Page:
I am honored to have on my blog today
and her book Spirians
About the Author
Rowena is a multi-award-winning author who lost her sight due to Retinitis Pigmentosa. Though she is blind, she certainly does not lack vision. She and her deaf mate, Gregg, enjoy traveling the countryside, backpacking, scuba diving, and living a nomadic lifestyle with her guide dog, Skye-Bear.
They are both very active in the blind and deaf community, and love to volunteer their services to help others with similar conditions.
To Rowena, life is about experiencing everything to its fullest and appreciating every moment she has on this Earth. She enjoys wild foraging, making her own herbal medicine, and helping others heal naturally with what the Spirit provides.
In her words, “Life is what you choose to make of it. The only thing that limits you is your thoughts and beliefs.”
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Summary of Spirians: The Beginning
To see your true potential, you must look past your expectations
Earth has seen many changes. Archangel Armen has witnessed them all. Life coexisted in peace until Archangel Lucifer decided that he was more powerful than Spirit and wanted complete ruling over creation. It was a day Armen would never forget. His brothers and sisters were killed, chaos replaced peace, and the light that once radiated love now felt heavy and hollow.
If Earth was to survive this time of duality, it had to be balanced with equal light. Armen, and several other Archangels were sent to live among the humans as Spirians—gifted beings that would keep the fallen Angels, known as Shadows, in check. Through thousands of years, he witnessed the destruction the Shadows rendered.
It wasn’t until the eighteenth century in the Scottish Highlands that Armen saw the first spark of hope for the Spirian race. Shanuk, a young warrior entered the world with a fate born of tragedy. At barely five summers old, his clan was attacked by the Shadows. Shanuk’s father and mother were killed. Armen watched over Shanuk since the day he joined the Grandhun clan. As he grew to a man, he was filled with desire to kill the Shadows who murdered his clan and family. Though he was powerful for a Spirian his age, he harbored a dark side—a formidable ego and gifts beyond anything Armen had witnessed. If Shanuk allowed the darkness to rule his heart, he would become a Shadow monster—the very thing he had grown to hate. Armen must convince the young warrior to ignore his ego and use his gifts for the greater good—a task akin to calming a raging bull in a field of red banners.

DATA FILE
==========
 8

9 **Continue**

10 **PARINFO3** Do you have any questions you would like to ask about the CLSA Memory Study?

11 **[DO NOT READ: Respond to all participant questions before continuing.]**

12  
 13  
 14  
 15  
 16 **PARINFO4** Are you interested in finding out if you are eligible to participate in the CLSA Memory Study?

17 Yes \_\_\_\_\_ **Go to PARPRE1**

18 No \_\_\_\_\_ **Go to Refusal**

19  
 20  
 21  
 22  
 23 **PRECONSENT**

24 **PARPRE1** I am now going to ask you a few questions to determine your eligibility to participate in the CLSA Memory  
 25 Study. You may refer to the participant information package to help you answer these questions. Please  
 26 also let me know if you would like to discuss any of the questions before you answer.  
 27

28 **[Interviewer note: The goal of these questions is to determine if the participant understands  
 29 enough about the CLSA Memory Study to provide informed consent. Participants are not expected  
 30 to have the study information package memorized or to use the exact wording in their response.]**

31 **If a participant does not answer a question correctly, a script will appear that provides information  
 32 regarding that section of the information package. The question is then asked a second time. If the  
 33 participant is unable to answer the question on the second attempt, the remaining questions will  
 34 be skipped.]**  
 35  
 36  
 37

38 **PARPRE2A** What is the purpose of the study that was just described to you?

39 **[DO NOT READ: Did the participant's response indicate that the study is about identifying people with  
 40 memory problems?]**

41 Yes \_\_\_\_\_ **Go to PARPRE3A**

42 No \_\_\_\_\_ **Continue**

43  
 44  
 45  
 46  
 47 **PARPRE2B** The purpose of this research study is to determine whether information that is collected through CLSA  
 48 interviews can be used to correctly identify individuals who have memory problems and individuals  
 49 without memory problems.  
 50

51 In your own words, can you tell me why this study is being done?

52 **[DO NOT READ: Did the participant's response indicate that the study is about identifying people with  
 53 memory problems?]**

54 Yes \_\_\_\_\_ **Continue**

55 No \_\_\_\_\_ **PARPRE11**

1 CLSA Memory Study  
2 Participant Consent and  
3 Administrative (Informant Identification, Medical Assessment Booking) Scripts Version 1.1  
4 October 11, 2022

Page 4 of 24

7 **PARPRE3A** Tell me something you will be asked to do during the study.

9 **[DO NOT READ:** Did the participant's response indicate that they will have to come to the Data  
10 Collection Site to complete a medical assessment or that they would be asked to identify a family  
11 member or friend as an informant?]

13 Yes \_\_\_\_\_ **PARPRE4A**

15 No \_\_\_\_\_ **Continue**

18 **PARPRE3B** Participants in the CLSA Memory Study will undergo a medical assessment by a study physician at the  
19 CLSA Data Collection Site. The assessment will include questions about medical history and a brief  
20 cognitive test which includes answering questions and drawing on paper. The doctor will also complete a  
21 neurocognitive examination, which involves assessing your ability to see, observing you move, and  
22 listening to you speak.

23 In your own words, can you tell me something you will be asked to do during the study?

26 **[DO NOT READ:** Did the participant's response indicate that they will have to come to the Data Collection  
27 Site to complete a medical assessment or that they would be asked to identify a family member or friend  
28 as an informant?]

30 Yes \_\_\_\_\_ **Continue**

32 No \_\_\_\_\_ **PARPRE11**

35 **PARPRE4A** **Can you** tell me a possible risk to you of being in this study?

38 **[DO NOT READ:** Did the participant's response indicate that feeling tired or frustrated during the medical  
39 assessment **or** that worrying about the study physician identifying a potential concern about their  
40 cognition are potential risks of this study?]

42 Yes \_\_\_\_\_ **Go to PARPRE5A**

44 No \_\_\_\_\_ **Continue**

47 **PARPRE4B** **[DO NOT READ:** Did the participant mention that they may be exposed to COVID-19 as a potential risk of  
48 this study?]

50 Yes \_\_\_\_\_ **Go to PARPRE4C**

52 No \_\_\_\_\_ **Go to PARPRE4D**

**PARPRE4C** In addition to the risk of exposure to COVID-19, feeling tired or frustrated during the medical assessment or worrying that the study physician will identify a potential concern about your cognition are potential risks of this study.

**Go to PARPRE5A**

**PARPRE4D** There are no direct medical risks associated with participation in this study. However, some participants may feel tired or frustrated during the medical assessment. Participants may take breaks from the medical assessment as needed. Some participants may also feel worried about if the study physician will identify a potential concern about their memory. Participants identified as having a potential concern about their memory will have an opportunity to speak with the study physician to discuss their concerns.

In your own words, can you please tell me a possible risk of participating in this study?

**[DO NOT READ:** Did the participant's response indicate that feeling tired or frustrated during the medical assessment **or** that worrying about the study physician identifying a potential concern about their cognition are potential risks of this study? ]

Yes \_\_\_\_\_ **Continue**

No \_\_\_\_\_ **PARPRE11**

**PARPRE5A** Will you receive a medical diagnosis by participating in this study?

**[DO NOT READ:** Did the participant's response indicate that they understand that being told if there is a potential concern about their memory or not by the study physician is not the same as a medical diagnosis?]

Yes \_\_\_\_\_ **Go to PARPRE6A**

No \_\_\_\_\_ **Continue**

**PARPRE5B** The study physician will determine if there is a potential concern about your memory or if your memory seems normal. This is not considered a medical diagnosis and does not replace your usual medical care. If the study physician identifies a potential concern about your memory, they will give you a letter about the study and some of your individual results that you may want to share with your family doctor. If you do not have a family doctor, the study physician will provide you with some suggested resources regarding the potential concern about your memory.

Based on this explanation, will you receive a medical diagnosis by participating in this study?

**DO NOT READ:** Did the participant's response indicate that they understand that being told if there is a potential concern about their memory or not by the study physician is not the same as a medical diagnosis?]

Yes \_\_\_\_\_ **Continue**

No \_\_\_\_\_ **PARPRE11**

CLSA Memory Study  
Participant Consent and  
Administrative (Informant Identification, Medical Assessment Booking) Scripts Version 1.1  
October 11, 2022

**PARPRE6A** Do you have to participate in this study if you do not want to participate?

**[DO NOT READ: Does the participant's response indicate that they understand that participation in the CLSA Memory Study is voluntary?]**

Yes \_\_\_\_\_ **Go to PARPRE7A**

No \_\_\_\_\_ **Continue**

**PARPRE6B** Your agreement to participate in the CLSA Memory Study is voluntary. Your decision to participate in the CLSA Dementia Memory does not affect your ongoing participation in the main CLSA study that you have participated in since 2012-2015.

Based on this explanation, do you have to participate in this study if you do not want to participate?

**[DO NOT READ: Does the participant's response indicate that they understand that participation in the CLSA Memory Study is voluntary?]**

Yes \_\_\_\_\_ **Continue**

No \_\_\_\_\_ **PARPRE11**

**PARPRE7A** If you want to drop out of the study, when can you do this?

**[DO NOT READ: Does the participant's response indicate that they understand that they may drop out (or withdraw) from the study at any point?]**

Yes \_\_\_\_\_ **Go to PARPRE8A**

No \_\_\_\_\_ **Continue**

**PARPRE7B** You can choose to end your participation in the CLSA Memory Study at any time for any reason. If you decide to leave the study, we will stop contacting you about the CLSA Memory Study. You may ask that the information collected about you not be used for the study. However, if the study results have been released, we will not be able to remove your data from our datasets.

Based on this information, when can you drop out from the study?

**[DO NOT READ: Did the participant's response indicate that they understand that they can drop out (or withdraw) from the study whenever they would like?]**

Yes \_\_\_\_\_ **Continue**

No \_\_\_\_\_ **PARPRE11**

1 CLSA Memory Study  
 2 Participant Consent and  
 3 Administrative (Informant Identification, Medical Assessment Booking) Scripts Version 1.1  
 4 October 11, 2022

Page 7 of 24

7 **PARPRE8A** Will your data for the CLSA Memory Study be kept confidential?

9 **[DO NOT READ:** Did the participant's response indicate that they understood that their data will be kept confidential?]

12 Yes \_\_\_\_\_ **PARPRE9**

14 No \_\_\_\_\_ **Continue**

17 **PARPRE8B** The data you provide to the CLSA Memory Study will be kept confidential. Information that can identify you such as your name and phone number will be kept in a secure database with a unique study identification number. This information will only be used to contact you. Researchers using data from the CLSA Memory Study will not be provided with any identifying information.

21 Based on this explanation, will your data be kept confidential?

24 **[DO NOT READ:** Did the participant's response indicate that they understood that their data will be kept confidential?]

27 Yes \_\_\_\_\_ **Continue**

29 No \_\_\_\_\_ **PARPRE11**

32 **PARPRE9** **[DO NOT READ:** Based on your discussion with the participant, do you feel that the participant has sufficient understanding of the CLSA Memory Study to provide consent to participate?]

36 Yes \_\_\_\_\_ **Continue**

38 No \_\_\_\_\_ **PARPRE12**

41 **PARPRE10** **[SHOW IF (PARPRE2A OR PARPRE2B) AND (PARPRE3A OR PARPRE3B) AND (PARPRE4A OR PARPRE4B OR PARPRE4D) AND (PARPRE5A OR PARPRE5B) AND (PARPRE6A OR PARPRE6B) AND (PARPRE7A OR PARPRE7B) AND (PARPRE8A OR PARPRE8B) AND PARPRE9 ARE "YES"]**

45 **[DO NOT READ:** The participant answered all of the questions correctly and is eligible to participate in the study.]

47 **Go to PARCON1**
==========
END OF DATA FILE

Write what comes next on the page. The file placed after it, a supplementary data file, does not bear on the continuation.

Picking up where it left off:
Watching Shanuk suffer through one trial after another when Armen had the power to stop it, felt like daggers piercing his heart. The trials were necessary, though, to temper the strength that Shanuk harbored within. What transpired as the result would mean destruction of their race or much needed hope for the future. Would Shanuk rise a Spirian, or turn toward the Shadows? Add a female to the mix and emotions flair above the harshest storms. All Armen could do was wait and see how it all played out.
Tell us about your book?
This book was one of the most challenging books I’ve written so far—it is also the most intriguing. Spirians: The Beginning tells the story of how the Spirians came to be. It is a story I should have told years ago, but thought it would simply be too odd of a concept to introduce. Now that some folks have read my books and understand the Spirian ways, I thought it would be a good time to tell the story of their birth. I originally started the story with Armen who is an original Archangel and one of the very first Spirians to live on Earth. His story is an amazing one, but Shanuk is a pinnacle character throughout the entire saga. I simply had to include him. What transpired was a story that told both of their tales in a way that leaves the reader pondering the spiritual lessons that pulled Shanuk from the brink of a shadowy hell into a life of a legend.
Do you have a favorite character from your book?
Shanuk has been my spiritual mentor for many years, since the time I was a child. It was an honor to have been able to write his story. There are so many aspects to his character that it was difficult to incorporate them all. Given his spiritual wisdom, one would think he was a perfect guru. In truth, though, he had endured many kinds of hell and had to overcome impossible personality traits. I’m hoping he will be an inspiration to others as he has been to me.
How do you come up with the names of characters for your book?